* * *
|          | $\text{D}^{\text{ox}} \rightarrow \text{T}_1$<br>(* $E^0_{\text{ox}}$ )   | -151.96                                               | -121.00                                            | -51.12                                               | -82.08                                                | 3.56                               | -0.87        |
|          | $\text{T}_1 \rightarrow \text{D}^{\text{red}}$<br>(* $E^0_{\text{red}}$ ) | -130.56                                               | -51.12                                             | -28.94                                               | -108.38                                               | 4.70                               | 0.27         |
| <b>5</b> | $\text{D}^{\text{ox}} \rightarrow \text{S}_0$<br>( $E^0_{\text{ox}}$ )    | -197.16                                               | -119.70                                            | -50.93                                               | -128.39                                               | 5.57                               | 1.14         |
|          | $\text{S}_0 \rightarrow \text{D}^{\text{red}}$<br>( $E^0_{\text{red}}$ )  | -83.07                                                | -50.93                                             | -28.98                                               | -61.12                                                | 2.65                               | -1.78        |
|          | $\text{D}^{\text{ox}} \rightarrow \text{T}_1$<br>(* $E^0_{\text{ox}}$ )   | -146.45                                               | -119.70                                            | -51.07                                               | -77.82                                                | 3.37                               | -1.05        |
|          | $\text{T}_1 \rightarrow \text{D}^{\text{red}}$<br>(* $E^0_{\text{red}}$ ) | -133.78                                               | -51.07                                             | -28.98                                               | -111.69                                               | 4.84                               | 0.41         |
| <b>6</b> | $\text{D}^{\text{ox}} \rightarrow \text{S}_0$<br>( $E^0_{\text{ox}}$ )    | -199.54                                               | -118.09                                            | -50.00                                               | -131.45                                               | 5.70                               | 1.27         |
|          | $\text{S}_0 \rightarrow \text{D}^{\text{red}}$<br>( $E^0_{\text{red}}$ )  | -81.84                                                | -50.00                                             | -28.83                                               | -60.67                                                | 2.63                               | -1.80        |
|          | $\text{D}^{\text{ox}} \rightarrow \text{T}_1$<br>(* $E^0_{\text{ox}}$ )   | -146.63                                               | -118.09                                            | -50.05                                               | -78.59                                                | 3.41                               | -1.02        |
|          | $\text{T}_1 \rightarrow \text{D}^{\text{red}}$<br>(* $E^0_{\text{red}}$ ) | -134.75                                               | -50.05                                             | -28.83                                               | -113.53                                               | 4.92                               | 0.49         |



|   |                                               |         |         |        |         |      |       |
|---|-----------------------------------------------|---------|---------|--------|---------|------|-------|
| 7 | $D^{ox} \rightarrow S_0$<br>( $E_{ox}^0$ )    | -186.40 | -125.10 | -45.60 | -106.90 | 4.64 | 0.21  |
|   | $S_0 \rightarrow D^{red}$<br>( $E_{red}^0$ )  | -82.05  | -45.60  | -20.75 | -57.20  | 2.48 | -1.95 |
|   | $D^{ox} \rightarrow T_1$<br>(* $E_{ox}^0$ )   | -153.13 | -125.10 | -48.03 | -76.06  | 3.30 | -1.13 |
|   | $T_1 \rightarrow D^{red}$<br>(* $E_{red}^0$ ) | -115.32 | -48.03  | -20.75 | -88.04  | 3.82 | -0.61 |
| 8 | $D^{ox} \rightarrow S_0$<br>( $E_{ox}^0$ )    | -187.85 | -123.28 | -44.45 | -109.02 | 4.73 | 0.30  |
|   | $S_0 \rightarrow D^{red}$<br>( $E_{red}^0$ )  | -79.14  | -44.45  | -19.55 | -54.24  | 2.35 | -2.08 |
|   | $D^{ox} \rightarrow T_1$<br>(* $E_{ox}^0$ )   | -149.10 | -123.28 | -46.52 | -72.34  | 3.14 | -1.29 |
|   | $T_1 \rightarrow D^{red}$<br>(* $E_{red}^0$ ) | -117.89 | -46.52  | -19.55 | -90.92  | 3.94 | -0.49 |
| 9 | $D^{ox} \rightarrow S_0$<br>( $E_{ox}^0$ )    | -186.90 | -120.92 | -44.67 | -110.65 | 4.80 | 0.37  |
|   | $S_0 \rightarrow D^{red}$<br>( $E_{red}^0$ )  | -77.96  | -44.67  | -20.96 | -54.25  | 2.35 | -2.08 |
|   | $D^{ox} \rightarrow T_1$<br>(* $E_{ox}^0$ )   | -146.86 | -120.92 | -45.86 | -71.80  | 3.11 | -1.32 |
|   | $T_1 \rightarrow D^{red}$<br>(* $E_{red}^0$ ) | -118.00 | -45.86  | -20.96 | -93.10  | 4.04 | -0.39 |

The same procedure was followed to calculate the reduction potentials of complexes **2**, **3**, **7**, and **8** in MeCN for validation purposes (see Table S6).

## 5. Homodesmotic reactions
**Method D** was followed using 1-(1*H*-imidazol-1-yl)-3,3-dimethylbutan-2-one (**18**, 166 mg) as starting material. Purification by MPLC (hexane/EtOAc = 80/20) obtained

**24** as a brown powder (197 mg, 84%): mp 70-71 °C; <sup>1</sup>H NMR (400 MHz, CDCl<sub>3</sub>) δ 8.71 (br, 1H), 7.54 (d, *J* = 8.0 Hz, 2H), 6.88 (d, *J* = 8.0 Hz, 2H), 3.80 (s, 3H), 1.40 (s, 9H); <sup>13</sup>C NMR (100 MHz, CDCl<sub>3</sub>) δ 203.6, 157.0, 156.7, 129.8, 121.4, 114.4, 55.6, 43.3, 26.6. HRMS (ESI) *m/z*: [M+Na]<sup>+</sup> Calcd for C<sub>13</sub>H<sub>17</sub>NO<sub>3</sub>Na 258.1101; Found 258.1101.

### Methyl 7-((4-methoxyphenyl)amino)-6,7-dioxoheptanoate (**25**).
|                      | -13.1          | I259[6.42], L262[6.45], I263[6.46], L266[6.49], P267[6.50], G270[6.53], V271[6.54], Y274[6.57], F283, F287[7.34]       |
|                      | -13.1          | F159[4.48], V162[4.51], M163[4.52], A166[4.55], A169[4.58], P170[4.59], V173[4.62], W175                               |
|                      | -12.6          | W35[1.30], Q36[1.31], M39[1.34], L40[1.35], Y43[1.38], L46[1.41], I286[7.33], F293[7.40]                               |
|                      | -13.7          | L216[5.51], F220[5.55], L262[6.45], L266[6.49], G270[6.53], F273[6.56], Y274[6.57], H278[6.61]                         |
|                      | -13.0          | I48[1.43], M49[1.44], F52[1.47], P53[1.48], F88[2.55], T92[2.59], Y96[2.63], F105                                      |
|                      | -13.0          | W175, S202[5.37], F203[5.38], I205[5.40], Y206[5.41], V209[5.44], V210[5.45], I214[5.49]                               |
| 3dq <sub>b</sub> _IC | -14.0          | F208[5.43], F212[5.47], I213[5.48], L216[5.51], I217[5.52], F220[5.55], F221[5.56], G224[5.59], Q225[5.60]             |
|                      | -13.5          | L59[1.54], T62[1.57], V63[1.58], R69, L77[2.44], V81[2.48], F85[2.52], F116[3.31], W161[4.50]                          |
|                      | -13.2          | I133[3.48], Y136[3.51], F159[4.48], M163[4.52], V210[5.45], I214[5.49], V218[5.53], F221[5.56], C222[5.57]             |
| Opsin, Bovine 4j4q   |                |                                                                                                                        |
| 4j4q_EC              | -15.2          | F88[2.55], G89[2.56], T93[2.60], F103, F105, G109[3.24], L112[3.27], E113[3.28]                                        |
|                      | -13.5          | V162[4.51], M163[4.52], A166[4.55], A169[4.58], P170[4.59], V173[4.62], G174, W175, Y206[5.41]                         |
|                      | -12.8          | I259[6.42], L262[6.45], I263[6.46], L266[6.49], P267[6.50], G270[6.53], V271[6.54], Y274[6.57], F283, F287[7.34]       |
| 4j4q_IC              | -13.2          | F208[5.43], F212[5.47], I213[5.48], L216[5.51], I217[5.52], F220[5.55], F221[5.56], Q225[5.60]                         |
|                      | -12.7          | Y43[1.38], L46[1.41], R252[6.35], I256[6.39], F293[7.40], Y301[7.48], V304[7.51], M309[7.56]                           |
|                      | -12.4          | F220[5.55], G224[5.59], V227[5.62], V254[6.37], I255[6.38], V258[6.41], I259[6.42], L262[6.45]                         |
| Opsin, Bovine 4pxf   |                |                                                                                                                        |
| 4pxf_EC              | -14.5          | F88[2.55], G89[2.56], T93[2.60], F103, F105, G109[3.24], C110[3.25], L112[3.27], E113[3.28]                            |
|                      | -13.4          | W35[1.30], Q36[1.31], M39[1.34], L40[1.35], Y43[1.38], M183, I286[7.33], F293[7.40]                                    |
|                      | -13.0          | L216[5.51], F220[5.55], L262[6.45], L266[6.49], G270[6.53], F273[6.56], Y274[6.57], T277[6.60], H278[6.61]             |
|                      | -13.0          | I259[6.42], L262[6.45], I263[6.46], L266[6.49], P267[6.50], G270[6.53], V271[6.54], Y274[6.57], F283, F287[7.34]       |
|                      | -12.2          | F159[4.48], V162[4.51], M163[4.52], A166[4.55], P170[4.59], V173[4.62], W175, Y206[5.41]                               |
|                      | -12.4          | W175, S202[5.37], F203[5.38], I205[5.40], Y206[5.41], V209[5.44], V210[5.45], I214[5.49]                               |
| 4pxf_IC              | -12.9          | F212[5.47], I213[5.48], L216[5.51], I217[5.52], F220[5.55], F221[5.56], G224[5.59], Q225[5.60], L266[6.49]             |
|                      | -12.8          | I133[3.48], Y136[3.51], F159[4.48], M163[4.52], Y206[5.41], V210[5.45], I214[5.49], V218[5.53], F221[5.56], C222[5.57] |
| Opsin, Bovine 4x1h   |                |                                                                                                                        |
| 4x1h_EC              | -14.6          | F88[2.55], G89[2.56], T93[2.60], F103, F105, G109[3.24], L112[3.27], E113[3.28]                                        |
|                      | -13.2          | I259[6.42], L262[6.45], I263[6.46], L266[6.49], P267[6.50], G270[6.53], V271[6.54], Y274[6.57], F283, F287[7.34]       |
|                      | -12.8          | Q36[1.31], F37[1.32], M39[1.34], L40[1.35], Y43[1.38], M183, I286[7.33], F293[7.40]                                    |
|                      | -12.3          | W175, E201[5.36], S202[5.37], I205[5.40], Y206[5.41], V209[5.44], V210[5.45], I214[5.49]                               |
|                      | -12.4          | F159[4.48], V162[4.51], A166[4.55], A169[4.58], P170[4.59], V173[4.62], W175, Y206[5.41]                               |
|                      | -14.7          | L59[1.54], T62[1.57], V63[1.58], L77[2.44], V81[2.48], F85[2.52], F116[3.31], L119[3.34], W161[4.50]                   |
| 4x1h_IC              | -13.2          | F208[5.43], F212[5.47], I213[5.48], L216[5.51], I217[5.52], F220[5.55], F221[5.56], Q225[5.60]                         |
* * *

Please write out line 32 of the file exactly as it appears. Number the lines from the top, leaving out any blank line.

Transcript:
|                      | -12.6          | W35[1.30], Q36[1.31], M39[1.34], L40[1.35], Y43[1.38], L46[1.41], I286[7.33], F293[7.40]                               |